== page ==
top of page
  • Writer's pictureErin Spineto

My Top Diabetes Moments

My diabetes historical timeline has very few moments on it. Only the very biggest of accomplishments gets noted.

The discovery of insulin on July 29, 1921.

The release of the first insulin pump in 1976, the year I was born.

My diagnosis on April 14, 1998.

The release of the first Dexcom on March 27, 2006.

Those are my big moments.

Well, those, and two more huge ones. One happened in October of 1983. The other happened October of 2016, exactly 33 years later.

In 1983, number 239, Bill Carlson became the first ever athlete with diabetes to even attempt the Ironman in Kona. And he did it in a time where the diabetes equipment was almost barbaric.

When he exited the swim, he took fifteen minutes to transition from the swim to the bike. For most athletes, that takes an average of three minutes. But Bill had a few more things to do to get ready for the bike.

For one, he had to insert the site for his insulin pump. And there were no easy, automatic inserters to help him out. This was time to jab a huge needle into his stomach. A needle that would put to shame the “needles” we use today. He was using a gigantor needle.

He wore a big silver box, strapped around his waist. It was his Delta insulin pump that was as big as a tape deck. It was huge and ancient. Though at the time, it was a brand new technology.

It adjusted his insulin rates using dials. Dials! Just like your old black and white TV.

He tested on a meter just as big as the pump and it spit out blood sugars in minutes not seconds.

He completed one of the hardest races in the World without any of the conveniences we have today. And he did it before anyone ever knew for sure it was possible. He left an indelible legacy to every single person with diabetes since. He busted wide open the doors of what is possible.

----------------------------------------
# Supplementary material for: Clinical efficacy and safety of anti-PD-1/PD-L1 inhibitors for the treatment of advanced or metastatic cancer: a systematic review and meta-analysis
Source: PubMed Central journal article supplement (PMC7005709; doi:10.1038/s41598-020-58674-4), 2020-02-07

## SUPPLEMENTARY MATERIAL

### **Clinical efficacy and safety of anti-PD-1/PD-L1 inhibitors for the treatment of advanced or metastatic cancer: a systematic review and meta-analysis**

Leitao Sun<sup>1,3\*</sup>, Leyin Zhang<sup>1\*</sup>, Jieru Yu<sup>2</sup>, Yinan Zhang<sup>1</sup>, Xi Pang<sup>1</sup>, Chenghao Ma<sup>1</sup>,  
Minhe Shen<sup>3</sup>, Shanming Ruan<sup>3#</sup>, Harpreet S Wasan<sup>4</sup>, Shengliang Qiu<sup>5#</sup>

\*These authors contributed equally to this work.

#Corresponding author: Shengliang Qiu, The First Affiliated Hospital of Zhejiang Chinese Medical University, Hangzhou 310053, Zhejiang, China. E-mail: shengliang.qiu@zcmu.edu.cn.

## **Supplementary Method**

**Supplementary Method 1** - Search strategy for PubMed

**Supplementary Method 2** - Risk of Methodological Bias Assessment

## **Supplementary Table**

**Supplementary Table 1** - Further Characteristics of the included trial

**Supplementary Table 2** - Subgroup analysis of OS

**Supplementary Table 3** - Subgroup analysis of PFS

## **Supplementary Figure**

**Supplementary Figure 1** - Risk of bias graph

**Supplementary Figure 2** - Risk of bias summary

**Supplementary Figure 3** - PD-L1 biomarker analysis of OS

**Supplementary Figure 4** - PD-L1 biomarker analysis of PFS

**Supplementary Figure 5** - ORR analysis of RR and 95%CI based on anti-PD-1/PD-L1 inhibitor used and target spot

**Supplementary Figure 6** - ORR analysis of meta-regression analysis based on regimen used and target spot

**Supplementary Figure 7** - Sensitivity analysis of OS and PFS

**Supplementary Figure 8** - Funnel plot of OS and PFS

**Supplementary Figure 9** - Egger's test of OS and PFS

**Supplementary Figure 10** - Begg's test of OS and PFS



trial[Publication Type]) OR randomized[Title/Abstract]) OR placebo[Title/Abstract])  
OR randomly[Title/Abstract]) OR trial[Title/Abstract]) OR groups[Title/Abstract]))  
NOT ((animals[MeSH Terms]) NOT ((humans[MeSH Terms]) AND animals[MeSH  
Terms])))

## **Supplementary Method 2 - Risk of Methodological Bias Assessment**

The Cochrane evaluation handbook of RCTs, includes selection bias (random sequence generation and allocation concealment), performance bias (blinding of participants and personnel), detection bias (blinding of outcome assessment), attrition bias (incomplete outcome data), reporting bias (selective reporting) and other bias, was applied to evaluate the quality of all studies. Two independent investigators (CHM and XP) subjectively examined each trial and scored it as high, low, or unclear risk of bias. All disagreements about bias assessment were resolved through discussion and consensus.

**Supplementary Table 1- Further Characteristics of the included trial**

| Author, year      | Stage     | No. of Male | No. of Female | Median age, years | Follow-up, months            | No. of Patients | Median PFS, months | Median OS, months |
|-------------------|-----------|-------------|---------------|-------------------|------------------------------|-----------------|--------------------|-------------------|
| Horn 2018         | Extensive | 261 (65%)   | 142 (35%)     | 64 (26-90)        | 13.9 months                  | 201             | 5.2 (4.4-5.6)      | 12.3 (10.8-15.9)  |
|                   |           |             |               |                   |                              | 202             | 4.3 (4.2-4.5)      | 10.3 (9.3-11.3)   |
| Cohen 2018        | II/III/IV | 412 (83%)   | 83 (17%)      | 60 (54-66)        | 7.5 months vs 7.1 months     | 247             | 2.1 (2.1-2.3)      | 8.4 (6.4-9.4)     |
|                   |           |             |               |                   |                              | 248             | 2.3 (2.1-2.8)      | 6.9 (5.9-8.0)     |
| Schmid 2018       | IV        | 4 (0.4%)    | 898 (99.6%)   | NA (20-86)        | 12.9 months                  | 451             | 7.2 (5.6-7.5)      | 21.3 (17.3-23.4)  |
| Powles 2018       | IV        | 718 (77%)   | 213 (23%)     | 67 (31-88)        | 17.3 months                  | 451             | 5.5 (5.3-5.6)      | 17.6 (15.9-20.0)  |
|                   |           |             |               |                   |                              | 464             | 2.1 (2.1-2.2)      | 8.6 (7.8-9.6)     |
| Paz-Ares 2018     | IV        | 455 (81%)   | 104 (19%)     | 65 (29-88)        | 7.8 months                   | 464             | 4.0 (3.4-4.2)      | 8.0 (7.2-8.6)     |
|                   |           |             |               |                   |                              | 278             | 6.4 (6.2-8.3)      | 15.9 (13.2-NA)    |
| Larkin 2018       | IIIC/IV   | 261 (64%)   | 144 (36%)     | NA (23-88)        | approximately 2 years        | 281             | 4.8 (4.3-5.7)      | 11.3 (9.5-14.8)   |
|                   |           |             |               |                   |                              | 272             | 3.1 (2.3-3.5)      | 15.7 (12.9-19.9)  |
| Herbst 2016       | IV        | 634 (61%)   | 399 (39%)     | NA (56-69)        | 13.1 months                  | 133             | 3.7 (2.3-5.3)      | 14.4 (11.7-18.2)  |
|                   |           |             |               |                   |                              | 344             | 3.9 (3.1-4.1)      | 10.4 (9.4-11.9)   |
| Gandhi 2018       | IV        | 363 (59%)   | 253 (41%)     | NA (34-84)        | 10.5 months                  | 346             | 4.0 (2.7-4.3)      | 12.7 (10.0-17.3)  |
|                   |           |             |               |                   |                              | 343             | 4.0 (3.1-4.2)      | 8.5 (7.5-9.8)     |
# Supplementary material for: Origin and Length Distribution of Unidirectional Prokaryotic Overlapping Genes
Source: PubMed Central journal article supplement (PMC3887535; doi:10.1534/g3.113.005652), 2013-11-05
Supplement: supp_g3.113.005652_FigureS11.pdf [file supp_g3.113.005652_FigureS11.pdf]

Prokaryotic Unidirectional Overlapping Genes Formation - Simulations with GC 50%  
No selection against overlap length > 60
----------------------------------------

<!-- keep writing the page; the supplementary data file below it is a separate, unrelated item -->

For those of us diagnosed within the last decade, that may not seem like a big thing. Now, it is commonplace for people with diabetes to do these amazing things. There are hundreds, if not thousands, of athletes with diabetes who have completed an Ironman. I can count at least six within my circle of real life friends, and probably a good fifty in my online circle of friends.

But there was a time when this was unheard of. When doctors told patients at diagnosis never to exercise. They told them diabetes was a death sentence. That women would never have kids. Diabetes was uncontrollable.

Along comes Bill, who decides, at the age of 23, that all of that was bullshit and set about to prove it in a big way. He knew that we could do more. Be more.

He took to the world’s stage to declare that nothing is outside of our grasp. That whatever we set out to do, there was a way to do it. With enough education and planning and training, the world was at our fingertips. All we had to do was reach out and grab it.

Only man I know who wakes up with a smile that big, 4a.m. race morning.

Now at the ripe old age of 56, Bill is still just as strong-willed and spirited. He is still moving at

a million miles an hour, accomplishing more before sunup than most Americans do in a day. It is not unusual for him to ride his bike to his friend’s house, 85 miles away, just to stop in for dinner.

So 33 years after he changed the way that a whole generation would look at diabetes, he decided to do it again.

When he completed Ironman Wisconsin in 2015, he did well enough to qualify for the World Championships in Kona. And, so, this last Saturday he toed the line in Kona, ready to once again take his place in the history books.

He will forever inspire thousands upon thousands of people who get that dreaded diagnosis, but who won’t hear from their doctor that this is the end of their life. That they must throw away their dreams.

Because their doctor will have heard of Bill Carlson. And if they hadn’t heard of his amazing feats in 1983, they have heard about it now. And from now on they will give their patients the prescription of exercise, not in moderation, but in crazy big doses. Doses big enough to have propelled Bill into the forefront of my diabetes historical timeline.

And to become the standard that I one day hope to reach.

Thank you Bill, for being yourself, and for kicking ass big time!

bottom of page